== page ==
A First From a First Lady

Published on 3rd May 2005

It’s not always that a president’s wife goes berserk, scales the stairs of a media house adorned in a jeans pair of trouser. That’s why we break from tradition to comment on something political this week. It’s the story of a first lady pulling a first one on the media in recent history. Here we go.

Kenya’s President Mwai Kibaki\'s wife stormed into the offices of a Kenyan newspaper on Monday night, slapped a cameraman and demanded to see the journalist who had written a story that criticized her recent behavior.

In a development that coincided with the World Press Freedom day, the First Lady, Mrs Luck Kibaki, threw caution to the wind and braved the 11pm chill to storm the Nation Centre, which houses the Nation Newspapers Group, where she gave a five-hour dressing down of journalists.

\"I\'m here to protest and I\'m not leaving until I find the reporter who has been writing all these lies,\" Lucy Kibaki said on a televised recording of her screed. But, in her rage, she seemed to have picked the wrong newspaper to complain to, as it was the Nation’s rival, the Standard daily, which published the article angering her.

The Standard published a report on Monday that said Mrs Kibaki had interrupted the farewell party of her neighbor and the outgoing head of the World Bank mission in Kenya, Mr Makhtar Diop, three times, complaining about the noise. She is said to have interrupted with the farewell party thrice, dressed in pajamas and went to police the next day in shorts, demanding Diop’s arrest.

Brandishing a copy of the Standard newspaper, Mrs Kibaki burst into the Nation\'s offices flanked by several security officers and the Nairobi police chief, Mr Kingori Mwangi, where she reportedly confiscated notebooks and pens from reporters. Mrs Kibaki was caught on camera as she slapped a cameraman from KTN television network, a sister company of the Standard newspaper, who had arrived at the scene, demanding that he stop filming her.

\"The media keeps on telling lies about me, about the president and about my family. You don\'t want the president to rule this country, you hurt my family a lot, you hurt the president,\" she said as reporters listened intently and alert, just in case.

The incident was the latest in a string of high profile run-ins involving the president\'s wife. Last year, she publicly upbraided Vice-President Moody Awori, a gentleman known passionately as Uncle Moody, for referring to her in a speech as \"second lady\" in a slip-up that saw her boycott New Year celebrations at the coastal town of Mombasa. Awori\'s gaffe came amid press revelations about the president\'s private life, including his relationship with Mary Wambui, a woman many say is his second wife.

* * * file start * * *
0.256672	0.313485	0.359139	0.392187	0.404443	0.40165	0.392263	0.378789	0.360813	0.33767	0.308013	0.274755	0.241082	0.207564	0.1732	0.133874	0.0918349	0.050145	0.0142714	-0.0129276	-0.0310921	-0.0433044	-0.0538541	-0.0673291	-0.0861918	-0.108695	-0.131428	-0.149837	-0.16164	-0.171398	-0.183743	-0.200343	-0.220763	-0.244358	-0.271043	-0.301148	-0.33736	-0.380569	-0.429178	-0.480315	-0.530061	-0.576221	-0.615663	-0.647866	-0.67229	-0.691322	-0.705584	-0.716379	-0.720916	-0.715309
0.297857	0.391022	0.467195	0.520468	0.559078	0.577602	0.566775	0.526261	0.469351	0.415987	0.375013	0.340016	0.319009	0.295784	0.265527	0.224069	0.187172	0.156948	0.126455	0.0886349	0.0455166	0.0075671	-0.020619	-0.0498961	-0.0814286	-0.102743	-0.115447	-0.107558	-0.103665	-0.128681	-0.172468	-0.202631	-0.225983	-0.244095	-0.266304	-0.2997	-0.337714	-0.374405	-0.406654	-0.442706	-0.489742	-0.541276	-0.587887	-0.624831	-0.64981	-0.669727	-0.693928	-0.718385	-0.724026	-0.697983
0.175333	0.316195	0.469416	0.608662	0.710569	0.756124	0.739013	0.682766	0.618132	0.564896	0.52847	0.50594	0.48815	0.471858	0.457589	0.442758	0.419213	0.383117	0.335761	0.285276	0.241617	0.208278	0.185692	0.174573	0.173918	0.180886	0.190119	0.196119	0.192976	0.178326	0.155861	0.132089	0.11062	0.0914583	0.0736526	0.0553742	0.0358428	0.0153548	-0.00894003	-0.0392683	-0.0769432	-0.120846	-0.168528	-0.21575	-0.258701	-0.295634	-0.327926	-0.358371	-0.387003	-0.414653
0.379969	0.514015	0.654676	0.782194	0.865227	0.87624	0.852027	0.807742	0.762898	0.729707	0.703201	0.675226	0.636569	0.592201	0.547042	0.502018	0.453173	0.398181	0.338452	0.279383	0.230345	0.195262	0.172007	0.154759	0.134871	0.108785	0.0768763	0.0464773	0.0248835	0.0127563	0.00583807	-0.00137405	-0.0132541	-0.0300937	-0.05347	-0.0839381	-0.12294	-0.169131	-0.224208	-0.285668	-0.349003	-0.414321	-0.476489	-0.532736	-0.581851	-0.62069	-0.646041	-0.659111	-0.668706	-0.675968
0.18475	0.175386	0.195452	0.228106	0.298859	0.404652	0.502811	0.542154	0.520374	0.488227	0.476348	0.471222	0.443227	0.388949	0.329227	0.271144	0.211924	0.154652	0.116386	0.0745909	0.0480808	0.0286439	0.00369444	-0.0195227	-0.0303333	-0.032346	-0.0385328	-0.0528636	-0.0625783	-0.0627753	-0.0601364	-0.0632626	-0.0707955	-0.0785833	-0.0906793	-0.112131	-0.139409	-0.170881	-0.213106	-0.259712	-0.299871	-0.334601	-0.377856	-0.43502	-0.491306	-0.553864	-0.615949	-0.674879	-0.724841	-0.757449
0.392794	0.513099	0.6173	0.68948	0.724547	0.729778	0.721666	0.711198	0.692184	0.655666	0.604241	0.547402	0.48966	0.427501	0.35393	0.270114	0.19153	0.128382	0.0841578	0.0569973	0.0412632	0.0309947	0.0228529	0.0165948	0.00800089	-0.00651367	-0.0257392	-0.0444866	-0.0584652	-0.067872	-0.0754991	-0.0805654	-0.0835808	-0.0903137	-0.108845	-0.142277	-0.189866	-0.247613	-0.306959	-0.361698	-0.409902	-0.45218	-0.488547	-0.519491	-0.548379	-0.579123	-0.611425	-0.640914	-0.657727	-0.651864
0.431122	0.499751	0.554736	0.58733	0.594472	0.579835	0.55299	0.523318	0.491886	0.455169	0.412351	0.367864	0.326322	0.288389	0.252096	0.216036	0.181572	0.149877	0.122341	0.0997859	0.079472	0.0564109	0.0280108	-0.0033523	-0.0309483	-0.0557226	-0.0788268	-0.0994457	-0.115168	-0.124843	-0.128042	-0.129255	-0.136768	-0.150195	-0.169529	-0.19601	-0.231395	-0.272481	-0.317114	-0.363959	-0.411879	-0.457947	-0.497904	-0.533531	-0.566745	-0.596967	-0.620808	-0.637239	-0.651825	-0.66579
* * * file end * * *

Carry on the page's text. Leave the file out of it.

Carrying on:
Lucy Kibaki also squabbled with her husband\'s powerful former personal secretary, Mr Matere Keriri, and many say she hounded him out of office. Critics say she is a meddler, interfering in official affairs. However, her supporters say she is fiercely protective of her husband following a car crash in late 2002 that left him with a broken arm, a dislocated ankle and a neck injury.

She might be admired as a vigorous HIV/AIDS campaigner in Kenya, but her five hours of fame was, to say the least, obnoxious. Her storming of Diop’s party was enough to grate even the most uncivil person on earth. Her reference of other first ladies in her speech came up short in defending her family from media glare.

When a former vice-president of Uganda was slapped by her husband in a domestic brawl a few years ago, the press had fodder on the news and she came out and admitted as much. So when a woman of the highest caliber in society reduces herself to an activist, as Lucy did on Monday, then there is cause to worry, because on the horizon we see the dark days of muzzling the press.

In whatever manner Kenya’s Office of the President reacts to matter, the damage has already been done and it may take long to erase the stain.

Perhaps African governments should move, and urgently so, to forestall such incidents by drafting regulations, nay roles, for wives of presidents, or first ladies as they are called. This will prevent people like Mrs Kibaki from maligning and demeaning the presidency.

She might have had a genuine complaint against the newspapers, but taking the law into her hands wasn’t the best way to go around the problem. Seeking court redress if the story was false, for instance, would have made her a stickler of the law and an honorable First Lady.


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